7. User groups and international cooperation
There is considerable interest from national research teams and user groups. It is notable that the users are not only specialists in physical and chemical oceanography like ourselves (such as Woods Hole Oceanographic Institution), but includes climate modellers (such as at UNI-Bjerknes), top paleoclimate groups (such as at UiTø Geology and UNI-Bjerknes), marine biologists and ecologists (such as at UiTø Biology), polar climate researchers (such as Norwegian Polar Institute ICE), institutions with operational monitoring and forecasting activities (such as Met.no), international research on operational oceanography and national role in providing remote sensing data (NERSC) and broad cross-disciplinary marine responsibilities (such as IMR).
There is mutual benefit from interacting with the float experiment other research institutions plan in the area. Measurments in the Svinøy section area and at station M have been key in several international collaborative projects because of their inherent value. The quality improvement offered by NACO opens possibilities for strengthened and widened international collaboration both towards efforts further south in the North Atlantic and northwards towards pan-Arctic projects.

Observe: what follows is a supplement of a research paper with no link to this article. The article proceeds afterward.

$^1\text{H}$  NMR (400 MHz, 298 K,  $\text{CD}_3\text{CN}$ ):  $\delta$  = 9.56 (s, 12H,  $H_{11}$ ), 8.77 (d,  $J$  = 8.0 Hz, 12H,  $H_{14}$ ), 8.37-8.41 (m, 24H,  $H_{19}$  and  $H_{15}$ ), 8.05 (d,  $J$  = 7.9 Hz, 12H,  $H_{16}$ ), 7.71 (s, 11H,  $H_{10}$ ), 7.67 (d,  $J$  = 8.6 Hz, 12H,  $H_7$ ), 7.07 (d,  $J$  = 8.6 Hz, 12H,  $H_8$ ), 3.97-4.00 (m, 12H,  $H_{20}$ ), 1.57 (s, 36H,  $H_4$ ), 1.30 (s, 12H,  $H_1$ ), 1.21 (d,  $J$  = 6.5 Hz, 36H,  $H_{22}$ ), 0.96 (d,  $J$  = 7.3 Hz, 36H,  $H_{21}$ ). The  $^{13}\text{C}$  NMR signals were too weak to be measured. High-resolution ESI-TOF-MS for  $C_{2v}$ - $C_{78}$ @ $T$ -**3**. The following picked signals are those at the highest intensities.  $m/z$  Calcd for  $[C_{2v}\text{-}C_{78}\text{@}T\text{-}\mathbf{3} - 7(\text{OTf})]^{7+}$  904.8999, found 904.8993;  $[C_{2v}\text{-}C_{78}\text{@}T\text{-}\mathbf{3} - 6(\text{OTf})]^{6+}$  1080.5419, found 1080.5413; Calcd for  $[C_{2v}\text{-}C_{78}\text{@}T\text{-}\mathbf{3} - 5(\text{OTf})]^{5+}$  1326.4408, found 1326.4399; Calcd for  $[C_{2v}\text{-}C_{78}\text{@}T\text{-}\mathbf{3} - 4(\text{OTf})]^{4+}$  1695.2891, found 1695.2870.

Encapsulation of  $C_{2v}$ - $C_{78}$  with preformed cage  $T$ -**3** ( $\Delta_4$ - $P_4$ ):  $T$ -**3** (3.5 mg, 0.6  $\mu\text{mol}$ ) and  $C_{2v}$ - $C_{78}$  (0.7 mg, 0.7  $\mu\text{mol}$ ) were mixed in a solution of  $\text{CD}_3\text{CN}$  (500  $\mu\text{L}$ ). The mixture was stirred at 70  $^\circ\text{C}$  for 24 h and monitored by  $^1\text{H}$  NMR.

The public sector will benefit indirectly from better climate variability understanding and prediction. It is expected that near real time access to the upstream observations from NACO will be crucial to long term forecasts (longer than a few days) for the Barents Sea and the Arctic in general. Oceanographic variability at the mid-Norwegian shelf is also of considerable interest to offshore oil and gas operators in the area.
The number of Norwegian and international scientific users, industrial and
public users can be split into two types:
i) users who contribute to design of individual measurement campaigns, and
ii) those who use the observational data in their own research or other activity but do not decide sampling schemes.
In the first category there are primarily scientists in physical oceanography and climate plus a few industrial users. In the second category we expect ecosystem researchers, polar scientists more generally, paleoclimate scientists, industry including value-adding forecast services, and public users.[PREV CHAPTER] [NEXT CHAPTER]